Playground 'shag bands' spark fears over early sexualisation


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TO parents they are simply innocent, brightly coloured friendship bands their daughters and sons like to wear.


YOU'VE PULLED: The different coloured bands indicate
different types of sexual activity the wearer is supposed
to consent to.

But in the slang of the school playground they are known as 'shag bands' with all the disturbing connotations such a crude term implies.

Each colour band indicates a physical act, ranging from a yellow band for a hug to blue or black ones which represent a willingness to indulge in more serious sexual behaviour. If a schoolchild snaps the rubber band, the wearer is supposed to carry out the physical act represented by that colour.

Aine Lynch, of the National Parents Council (NPC), says that the 'shag band' phenomenon popular with pre-teen children is symptomatic of the early sexualisation of Irish children.

In Dundalk, Co Louth, the craze has swept through local schools. John Moloney, principal of Redeemer Boys National School, said teachers first became aware that youngsters were wearing the bands a few months ago.

"The main danger I see is the sexualisation of young people and that young people are being exploited for financial gain," said Mr Moloney.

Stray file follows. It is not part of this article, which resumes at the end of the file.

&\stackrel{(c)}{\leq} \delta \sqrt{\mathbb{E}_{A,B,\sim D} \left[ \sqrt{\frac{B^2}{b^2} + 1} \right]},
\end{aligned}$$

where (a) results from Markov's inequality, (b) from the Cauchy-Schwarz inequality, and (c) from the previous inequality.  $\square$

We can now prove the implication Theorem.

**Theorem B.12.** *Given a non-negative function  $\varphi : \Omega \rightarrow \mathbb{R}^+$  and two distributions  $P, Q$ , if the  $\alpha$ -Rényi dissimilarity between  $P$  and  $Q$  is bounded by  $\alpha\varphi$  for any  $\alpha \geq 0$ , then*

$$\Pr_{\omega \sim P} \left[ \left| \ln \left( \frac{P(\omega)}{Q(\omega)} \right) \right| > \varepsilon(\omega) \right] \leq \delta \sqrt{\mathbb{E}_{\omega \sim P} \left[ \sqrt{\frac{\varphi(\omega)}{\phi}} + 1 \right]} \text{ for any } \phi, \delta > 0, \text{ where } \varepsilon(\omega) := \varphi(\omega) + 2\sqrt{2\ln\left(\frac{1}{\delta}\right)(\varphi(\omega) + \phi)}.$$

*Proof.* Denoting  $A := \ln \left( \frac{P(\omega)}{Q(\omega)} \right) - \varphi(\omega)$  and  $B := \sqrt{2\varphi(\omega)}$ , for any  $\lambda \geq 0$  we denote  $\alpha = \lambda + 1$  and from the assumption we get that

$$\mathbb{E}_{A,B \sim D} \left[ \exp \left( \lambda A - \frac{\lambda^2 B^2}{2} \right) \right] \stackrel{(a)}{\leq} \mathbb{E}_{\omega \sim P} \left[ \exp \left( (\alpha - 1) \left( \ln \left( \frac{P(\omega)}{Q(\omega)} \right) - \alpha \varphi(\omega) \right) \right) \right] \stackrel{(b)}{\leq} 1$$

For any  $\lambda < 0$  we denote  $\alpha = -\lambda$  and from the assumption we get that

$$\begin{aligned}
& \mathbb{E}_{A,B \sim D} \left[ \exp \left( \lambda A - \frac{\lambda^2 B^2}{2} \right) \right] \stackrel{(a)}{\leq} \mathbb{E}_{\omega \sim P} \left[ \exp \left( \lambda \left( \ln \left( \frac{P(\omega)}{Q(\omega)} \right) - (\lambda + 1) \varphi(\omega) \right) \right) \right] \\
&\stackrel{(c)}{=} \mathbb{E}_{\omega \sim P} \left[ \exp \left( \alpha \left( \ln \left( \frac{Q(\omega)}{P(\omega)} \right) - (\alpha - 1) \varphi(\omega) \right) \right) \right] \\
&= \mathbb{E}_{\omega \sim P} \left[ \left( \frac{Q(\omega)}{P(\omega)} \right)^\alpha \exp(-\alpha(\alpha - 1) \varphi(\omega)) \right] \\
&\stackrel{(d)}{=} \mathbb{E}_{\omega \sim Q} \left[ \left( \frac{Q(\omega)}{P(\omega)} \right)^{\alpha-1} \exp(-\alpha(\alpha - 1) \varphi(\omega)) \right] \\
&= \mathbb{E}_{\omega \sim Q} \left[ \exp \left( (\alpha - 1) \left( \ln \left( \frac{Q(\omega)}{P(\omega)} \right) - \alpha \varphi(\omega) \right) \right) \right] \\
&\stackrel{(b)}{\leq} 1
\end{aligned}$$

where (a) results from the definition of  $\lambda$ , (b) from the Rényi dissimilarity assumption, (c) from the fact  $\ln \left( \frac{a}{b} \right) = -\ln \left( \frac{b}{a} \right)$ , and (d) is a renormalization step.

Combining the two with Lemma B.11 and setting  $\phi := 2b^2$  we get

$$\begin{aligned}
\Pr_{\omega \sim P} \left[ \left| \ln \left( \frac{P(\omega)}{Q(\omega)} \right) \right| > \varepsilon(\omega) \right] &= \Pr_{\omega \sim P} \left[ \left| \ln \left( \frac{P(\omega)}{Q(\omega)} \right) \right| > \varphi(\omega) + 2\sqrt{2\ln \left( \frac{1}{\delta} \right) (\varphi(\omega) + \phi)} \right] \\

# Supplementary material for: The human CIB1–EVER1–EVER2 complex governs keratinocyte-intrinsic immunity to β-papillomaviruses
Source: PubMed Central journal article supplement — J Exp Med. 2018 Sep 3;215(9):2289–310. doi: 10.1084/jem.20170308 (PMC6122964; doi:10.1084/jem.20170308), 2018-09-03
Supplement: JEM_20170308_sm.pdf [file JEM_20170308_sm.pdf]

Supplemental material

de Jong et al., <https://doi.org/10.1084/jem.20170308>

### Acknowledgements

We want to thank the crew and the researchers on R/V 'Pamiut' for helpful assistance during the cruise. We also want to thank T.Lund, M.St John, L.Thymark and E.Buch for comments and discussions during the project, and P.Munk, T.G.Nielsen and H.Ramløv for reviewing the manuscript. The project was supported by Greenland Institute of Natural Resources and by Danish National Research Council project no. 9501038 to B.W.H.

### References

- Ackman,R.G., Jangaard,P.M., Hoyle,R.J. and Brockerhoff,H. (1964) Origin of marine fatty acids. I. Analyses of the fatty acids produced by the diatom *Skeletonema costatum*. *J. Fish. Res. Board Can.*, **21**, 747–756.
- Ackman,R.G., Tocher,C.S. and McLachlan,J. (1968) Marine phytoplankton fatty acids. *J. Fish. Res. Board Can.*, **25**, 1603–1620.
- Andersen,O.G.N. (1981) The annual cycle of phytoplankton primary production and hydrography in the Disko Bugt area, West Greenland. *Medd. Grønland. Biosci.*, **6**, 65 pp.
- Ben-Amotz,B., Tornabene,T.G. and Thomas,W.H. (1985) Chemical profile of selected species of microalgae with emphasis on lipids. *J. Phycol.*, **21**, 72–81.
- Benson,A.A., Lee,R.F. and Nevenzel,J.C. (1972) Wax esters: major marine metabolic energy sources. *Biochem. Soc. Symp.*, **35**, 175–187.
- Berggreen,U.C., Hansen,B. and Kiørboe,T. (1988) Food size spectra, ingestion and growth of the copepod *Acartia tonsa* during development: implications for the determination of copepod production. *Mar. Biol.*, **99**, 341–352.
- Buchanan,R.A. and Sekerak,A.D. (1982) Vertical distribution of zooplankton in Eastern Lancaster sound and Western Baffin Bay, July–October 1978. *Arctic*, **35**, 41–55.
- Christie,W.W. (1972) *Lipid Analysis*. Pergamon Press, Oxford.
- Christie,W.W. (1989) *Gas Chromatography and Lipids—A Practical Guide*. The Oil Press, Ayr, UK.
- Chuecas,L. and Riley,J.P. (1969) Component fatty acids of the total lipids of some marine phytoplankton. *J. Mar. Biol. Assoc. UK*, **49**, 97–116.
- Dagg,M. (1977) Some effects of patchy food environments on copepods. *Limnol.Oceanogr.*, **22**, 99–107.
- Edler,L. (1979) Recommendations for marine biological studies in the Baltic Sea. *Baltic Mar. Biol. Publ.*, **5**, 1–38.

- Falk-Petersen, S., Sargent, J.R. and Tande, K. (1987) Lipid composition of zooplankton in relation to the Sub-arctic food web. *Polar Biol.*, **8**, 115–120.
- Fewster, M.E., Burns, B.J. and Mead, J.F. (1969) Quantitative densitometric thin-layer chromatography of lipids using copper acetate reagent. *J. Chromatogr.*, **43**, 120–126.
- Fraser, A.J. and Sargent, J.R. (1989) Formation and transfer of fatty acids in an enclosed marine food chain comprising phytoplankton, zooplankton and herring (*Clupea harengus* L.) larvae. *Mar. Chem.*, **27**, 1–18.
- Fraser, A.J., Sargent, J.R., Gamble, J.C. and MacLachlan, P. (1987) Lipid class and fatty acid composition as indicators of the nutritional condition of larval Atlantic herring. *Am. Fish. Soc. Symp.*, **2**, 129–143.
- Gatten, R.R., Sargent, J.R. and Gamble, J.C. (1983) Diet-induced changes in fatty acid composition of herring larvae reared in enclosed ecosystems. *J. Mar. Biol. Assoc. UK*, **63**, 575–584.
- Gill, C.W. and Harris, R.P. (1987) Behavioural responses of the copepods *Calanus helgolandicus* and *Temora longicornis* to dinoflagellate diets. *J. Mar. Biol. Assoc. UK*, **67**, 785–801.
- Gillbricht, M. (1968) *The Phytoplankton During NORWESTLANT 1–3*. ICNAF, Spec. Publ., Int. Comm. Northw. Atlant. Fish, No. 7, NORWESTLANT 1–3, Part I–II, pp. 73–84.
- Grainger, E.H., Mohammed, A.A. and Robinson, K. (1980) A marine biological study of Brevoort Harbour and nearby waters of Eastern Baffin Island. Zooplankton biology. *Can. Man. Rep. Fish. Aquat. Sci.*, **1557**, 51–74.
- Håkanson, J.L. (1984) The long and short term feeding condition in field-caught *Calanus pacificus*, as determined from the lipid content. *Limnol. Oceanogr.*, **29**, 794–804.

"I'm sure retailers in Dundalk are just selling them as a fashion accessory without knowing the bracelets have been given another meaning.

"I don't think shopkeepers and younger children realise the meaning.

"Kids see stars wearing them and want to copy people in the magazines."

The meanings of the different colours of the bands varies from region to region and the phenomenon, which originated in the UK, has even spread as far as Australia.

According to Ms Lynch, the main problem with the bands is that they are giving young children a "sexual language" that puts them at risk.

"These bands may be the craze at the moment but if it wasn't these so-called 'shag bands' it would be something else. The bands are cheap -- at around €1 -- and so are well within the range of children with pocket money.

"What we really need to look at are the root causes of early sexualisation: how it is happening, what impact it is having on our children and how, as parents and a society, we will deal with it," Ms Lynch added.

"Even if you look at TV and advertising, as well as the rise of social networking on the web, it is all highly sexualised. No one is saying we should revert to Victorian values but there is a balance to be struck.

"Early sexualisation of children starts to give them a sexual language that at times they don't understand and that can put them at risk.

"Many children wearing bands on their wrists don't really understand the messages they are giving out.

"But it is giving young children a vocabulary about something they don't understand and are not emotionally developed enough to deal with.

"That's what we need to be concerned with here. The bands are a symptom of that.

"Children with this language, knowledge and information but without the understanding or the developmental or emotional ability to deal with it can find themselves in situations that they are not ready or prepared for. It is putting young people in a difficult and confusing situation and potentially it is putting them at risk."